In addition, the interplay between RPA agents and humans is interesting. When a case turns out to be exceptional, the RPA agent may handover the case to a human. By observing the human handling complex cases, the RPA system can learn. There is also an obvious link with process mining (van der Aalst 2016; Kerremans 2018). For example, RPA vendor UiPath and process mining vendor Celonis collaborate to automatically visualize and select processes with the highest automation potential, and subsequently, build, test, and deploy RPA agents driven by the discovered process models. Other vendors report similar use cases. Process discovery can be used to learn processes “by example” and process fragments that are suitable for RPA can be detected subsequently. Conformance checking can be used to check for deviations, predict problems, and signal handovers from agents to humans.

Of course, one should be very careful. RPA agents mimicking people can start making incorrect decisions because of contextual changes. This may remain unnoticed for some time, leading to disastrous situations. There are also ethical and security risks when RPA agents impersonate people.

The uptake of RPA provides many interesting research questions. Some of them are not new, but addressing them has become more urgent. Some example questions include (van der Aalst and van Hee 2002; Chandler et al. 2017; Le Clair 2017; Kirchmer 2017; Tornbohm 2017):
  1. 1.

    What characteristics make processes suitable to be supported by RPA?

     
  2. 2.

    How to let RPA agents learn? How to coach RPA agents?

     
  3. 3.

    How to control RPA agents and avoid security, compliance, and economic risks?

     
  4. 4.

    Who is responsible when an RPA agent “misbehaves”?

     
  5. 5.

    How can RPA agents and people seamlessly work together?

     

The above questions are key topics for the BISE community. Therefore, the uptake of RPA provides interesting research opportunities. The BISE community could, and also should, play an active role in driving RPA research.

References

  1. Aguirre S, Rodriguez A (2017) Automation of a business process using robotic process automation (RPA): a case study. Appl Comput Sci Eng Commun Comput Inf Sci.  https://doi.org/10.1007/978-3-319-66963-2_7 Google Scholar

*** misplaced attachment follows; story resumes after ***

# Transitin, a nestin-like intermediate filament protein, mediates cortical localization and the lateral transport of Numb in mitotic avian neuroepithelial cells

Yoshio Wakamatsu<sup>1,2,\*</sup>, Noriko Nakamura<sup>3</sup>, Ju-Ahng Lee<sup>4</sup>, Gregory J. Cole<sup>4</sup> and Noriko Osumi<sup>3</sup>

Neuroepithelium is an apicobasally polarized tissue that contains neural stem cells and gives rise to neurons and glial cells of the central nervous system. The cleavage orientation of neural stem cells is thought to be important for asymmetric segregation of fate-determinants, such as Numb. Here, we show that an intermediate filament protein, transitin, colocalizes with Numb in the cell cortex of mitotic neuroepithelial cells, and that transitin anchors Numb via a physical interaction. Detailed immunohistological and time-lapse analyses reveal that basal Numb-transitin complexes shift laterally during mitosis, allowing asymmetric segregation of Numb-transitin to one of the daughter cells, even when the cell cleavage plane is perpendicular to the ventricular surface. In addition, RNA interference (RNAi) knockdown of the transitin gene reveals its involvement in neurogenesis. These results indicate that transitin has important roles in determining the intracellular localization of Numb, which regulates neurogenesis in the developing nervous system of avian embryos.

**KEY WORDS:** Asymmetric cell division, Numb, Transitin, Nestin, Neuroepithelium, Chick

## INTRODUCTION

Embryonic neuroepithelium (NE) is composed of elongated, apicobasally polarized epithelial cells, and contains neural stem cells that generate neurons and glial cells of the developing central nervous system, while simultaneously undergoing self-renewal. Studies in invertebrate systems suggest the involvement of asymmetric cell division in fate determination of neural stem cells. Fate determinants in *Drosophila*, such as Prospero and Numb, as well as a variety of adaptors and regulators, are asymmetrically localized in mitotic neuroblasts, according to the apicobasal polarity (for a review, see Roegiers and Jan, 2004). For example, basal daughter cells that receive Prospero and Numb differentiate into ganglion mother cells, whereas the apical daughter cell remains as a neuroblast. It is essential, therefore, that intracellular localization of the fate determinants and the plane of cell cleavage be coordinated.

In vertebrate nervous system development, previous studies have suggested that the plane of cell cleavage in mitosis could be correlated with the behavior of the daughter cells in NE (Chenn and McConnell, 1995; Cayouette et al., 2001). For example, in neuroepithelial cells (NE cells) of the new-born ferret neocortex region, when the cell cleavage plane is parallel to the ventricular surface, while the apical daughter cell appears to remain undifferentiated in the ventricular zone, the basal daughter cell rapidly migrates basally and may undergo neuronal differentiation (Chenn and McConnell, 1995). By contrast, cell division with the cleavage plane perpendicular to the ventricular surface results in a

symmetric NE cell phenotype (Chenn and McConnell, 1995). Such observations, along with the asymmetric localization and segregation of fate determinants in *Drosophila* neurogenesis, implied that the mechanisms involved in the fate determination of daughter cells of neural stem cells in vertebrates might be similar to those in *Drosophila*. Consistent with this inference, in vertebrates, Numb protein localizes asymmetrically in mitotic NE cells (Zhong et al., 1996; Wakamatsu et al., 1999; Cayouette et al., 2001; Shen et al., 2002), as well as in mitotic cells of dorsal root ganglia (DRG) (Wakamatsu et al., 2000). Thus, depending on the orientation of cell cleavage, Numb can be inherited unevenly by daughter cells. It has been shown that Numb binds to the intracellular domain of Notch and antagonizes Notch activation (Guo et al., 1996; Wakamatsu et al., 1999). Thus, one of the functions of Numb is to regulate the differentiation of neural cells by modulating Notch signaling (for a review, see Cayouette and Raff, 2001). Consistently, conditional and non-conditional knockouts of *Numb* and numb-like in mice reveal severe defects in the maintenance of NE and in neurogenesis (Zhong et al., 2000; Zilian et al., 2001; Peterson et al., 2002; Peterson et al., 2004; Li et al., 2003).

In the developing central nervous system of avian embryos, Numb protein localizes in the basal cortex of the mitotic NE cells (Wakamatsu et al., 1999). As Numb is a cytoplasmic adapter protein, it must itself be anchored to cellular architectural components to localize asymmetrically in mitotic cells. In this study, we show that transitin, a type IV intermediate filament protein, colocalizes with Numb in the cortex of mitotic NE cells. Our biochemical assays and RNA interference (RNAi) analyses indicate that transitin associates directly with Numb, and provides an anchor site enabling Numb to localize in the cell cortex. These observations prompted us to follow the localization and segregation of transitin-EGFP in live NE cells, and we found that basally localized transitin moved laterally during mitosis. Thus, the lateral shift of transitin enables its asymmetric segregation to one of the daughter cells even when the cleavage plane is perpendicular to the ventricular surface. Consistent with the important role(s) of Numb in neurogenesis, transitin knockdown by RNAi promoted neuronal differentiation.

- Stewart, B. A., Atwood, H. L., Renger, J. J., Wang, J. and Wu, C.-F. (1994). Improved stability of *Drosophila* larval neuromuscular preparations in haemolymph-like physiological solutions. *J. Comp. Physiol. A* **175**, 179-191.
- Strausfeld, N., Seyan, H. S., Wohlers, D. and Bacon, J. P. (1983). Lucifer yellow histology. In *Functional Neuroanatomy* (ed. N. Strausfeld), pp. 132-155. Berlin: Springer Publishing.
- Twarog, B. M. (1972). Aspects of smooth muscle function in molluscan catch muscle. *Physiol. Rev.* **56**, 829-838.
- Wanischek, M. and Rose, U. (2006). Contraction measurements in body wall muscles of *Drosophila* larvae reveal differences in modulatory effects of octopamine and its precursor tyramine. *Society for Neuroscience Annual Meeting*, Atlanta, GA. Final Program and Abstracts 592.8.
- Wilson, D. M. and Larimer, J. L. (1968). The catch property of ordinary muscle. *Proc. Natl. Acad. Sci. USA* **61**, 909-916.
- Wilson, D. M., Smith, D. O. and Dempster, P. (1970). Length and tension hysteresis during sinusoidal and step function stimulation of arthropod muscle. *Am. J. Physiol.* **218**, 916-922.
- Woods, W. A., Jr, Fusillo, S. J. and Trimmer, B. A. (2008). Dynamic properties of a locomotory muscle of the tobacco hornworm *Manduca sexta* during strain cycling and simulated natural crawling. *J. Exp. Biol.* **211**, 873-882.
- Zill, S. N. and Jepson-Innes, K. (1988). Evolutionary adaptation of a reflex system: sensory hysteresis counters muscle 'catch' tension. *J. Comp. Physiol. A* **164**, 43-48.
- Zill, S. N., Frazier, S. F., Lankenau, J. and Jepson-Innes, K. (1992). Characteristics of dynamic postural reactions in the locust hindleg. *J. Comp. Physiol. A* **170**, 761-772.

2. Chandler S, Power C, Fulton M, van Nueten N (2017) Who minds the bots? Why organisations need to consider risks related to Robotic Process Automation. PricewaterhouseCoopers, LondonGoogle Scholar
  3. Kerremans M (2018) Gartner market guide for process mining. Report G00353970. GartnerGoogle Scholar
  4. Kirchmer M (2017) Robotic process automation – pragmatic solution or dangerous illusion? bpm-d.com/bpm-d-exhibiting-at-btoes-2/. Accessed 22 April 2018Google Scholar
  5. Le Clair C (2017) The Forrester wave: robotic process automation: the 12 providers that matter most and how they stack up. Forrester, CambridgeGoogle Scholar
  6. ter Hofstede AHM, van der Aalst WMP, Adams M, Russell N (2010) Modern business process automation: YAWL and its support environment. Springer, HeidelbergCrossRefGoogle Scholar
  7. Tornbohm C (2017) Gartner market guide for robotic process automation software. Report G00319864. GartnerGoogle Scholar
  8. van der Aalst WMP (2016) Process mining: data science in action. Springer, HeidelbergCrossRefGoogle Scholar
  9. van der Aalst WMP, van Hee KM (2002) Workflow management: models, methods, and systems. MIT Press, CambridgeGoogle Scholar

Copyright information

© Springer Fachmedien Wiesbaden GmbH, part of Springer Nature 2018

Authors and Affiliations

  • Wil M. P. van der Aalst
    • 1
  • Martin Bichler
    • 2
  • Armin Heinzl
    • 3
  1. 1.RWTH AachenAachenGermany
  2. 2.Department of Informatics, Decision Sciences and SystemsTechnical University of Munich (TUM)MunichGermany
  3. 3.Chair of General Management and Information SystemsUniversity of MannheimMannheimGermany